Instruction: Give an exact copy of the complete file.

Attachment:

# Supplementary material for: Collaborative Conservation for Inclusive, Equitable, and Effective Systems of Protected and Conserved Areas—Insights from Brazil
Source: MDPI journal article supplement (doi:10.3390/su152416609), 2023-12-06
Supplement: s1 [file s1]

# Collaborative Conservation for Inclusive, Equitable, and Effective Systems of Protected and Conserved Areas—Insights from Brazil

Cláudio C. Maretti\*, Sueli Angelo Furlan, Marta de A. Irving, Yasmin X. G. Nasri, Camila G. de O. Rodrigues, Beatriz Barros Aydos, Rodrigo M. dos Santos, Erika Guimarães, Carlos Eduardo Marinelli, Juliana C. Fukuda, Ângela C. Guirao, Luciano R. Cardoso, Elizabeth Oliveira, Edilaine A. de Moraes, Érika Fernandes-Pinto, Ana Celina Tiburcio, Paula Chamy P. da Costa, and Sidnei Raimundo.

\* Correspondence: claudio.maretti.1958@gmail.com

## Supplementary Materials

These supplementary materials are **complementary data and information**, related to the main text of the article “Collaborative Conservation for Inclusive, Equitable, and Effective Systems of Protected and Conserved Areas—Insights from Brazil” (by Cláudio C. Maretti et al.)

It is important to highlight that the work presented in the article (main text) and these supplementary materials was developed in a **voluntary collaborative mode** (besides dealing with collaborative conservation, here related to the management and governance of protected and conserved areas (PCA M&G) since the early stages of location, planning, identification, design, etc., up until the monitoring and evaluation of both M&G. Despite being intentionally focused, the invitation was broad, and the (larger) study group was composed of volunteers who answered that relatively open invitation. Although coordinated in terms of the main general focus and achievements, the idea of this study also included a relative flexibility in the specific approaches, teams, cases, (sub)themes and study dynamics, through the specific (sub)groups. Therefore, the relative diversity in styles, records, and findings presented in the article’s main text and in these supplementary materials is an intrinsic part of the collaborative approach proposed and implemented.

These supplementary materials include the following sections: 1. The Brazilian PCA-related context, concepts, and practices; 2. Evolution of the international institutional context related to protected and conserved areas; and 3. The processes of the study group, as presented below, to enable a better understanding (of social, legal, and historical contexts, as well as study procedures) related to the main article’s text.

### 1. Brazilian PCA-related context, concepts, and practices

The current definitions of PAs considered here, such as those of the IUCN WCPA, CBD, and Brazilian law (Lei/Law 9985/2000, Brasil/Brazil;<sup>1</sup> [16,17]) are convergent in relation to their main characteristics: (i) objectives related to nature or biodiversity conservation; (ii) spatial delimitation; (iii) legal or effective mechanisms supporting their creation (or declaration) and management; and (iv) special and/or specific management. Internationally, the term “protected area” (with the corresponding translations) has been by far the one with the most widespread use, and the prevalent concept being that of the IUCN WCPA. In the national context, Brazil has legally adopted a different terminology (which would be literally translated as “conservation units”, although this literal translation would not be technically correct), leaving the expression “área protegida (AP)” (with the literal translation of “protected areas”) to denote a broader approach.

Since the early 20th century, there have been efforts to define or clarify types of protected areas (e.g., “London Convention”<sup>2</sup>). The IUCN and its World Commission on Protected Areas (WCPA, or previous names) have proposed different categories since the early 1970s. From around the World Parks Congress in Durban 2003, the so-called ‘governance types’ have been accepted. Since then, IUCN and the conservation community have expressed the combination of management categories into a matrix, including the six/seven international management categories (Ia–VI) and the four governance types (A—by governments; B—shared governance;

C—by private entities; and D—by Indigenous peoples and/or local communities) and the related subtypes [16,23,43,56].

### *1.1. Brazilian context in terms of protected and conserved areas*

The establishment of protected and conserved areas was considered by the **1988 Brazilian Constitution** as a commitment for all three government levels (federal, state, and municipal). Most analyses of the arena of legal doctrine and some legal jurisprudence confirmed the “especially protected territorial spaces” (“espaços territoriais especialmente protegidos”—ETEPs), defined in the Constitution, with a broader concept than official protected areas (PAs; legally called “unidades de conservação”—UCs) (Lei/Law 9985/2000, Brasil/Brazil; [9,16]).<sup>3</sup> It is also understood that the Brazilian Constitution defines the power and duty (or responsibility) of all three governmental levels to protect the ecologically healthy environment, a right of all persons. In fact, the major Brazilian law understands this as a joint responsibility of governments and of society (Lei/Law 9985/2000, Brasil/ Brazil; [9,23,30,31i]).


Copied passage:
# Supplementary material for: Collaborative Conservation for Inclusive, Equitable, and Effective Systems of Protected and Conserved Areas—Insights from Brazil
Source: MDPI journal article supplement (doi:10.3390/su152416609), 2023-12-06
Supplement: s1 [file s1]

# Collaborative Conservation for Inclusive, Equitable, and Effective Systems of Protected and Conserved Areas—Insights from Brazil

Cláudio C. Maretti\*, Sueli Angelo Furlan, Marta de A. Irving, Yasmin X. G. Nasri, Camila G. de O. Rodrigues, Beatriz Barros Aydos, Rodrigo M. dos Santos, Erika Guimarães, Carlos Eduardo Marinelli, Juliana C. Fukuda, Ângela C. Guirao, Luciano R. Cardoso, Elizabeth Oliveira, Edilaine A. de Moraes, Érika Fernandes-Pinto, Ana Celina Tiburcio, Paula Chamy P. da Costa, and Sidnei Raimundo.

\* Correspondence: claudio.maretti.1958@gmail.com

## Supplementary Materials

These supplementary materials are **complementary data and information**, related to the main text of the article “Collaborative Conservation for Inclusive, Equitable, and Effective Systems of Protected and Conserved Areas—Insights from Brazil” (by Cláudio C. Maretti et al.)

It is important to highlight that the work presented in the article (main text) and these supplementary materials was developed in a **voluntary collaborative mode** (besides dealing with collaborative conservation, here related to the management and governance of protected and conserved areas (PCA M&G) since the early stages of location, planning, identification, design, etc., up until the monitoring and evaluation of both M&G. Despite being intentionally focused, the invitation was broad, and the (larger) study group was composed of volunteers who answered that relatively open invitation. Although coordinated in terms of the main general focus and achievements, the idea of this study also included a relative flexibility in the specific approaches, teams, cases, (sub)themes and study dynamics, through the specific (sub)groups. Therefore, the relative diversity in styles, records, and findings presented in the article’s main text and in these supplementary materials is an intrinsic part of the collaborative approach proposed and implemented.

These supplementary materials include the following sections: 1. The Brazilian PCA-related context, concepts, and practices; 2. Evolution of the international institutional context related to protected and conserved areas; and 3. The processes of the study group, as presented below, to enable a better understanding (of social, legal, and historical contexts, as well as study procedures) related to the main article’s text.

### 1. Brazilian PCA-related context, concepts, and practices

The current definitions of PAs considered here, such as those of the IUCN WCPA, CBD, and Brazilian law (Lei/Law 9985/2000, Brasil/Brazil;<sup>1</sup> [16,17]) are convergent in relation to their main characteristics: (i) objectives related to nature or biodiversity conservation; (ii) spatial delimitation; (iii) legal or effective mechanisms supporting their creation (or declaration) and management; and (iv) special and/or specific management. Internationally, the term “protected area” (with the corresponding translations) has been by far the one with the most widespread use, and the prevalent concept being that of the IUCN WCPA. In the national context, Brazil has legally adopted a different terminology (which would be literally translated as “conservation units”, although this literal translation would not be technically correct), leaving the expression “área protegida (AP)” (with the literal translation of “protected areas”) to denote a broader approach.

Since the early 20th century, there have been efforts to define or clarify types of protected areas (e.g., “London Convention”<sup>2</sup>). The IUCN and its World Commission on Protected Areas (WCPA, or previous names) have proposed different categories since the early 1970s. From around the World Parks Congress in Durban 2003, the so-called ‘governance types’ have been accepted. Since then, IUCN and the conservation community have expressed the combination of management categories into a matrix, including the six/seven international management categories (Ia–VI) and the four governance types (A—by governments; B—shared governance;

C—by private entities; and D—by Indigenous peoples and/or local communities) and the related subtypes [16,23,43,56].

### *1.1. Brazilian context in terms of protected and conserved areas*

The establishment of protected and conserved areas was considered by the **1988 Brazilian Constitution** as a commitment for all three government levels (federal, state, and municipal). Most analyses of the arena of legal doctrine and some legal jurisprudence confirmed the “especially protected territorial spaces” (“espaços territoriais especialmente protegidos”—ETEPs), defined in the Constitution, with a broader concept than official protected areas (PAs; legally called “unidades de conservação”—UCs) (Lei/Law 9985/2000, Brasil/Brazil; [9,16]).<sup>3</sup> It is also understood that the Brazilian Constitution defines the power and duty (or responsibility) of all three governmental levels to protect the ecologically healthy environment, a right of all persons. In fact, the major Brazilian law understands this as a joint responsibility of governments and of society (Lei/Law 9985/2000, Brasil/ Brazil; [9,23,30,31i]).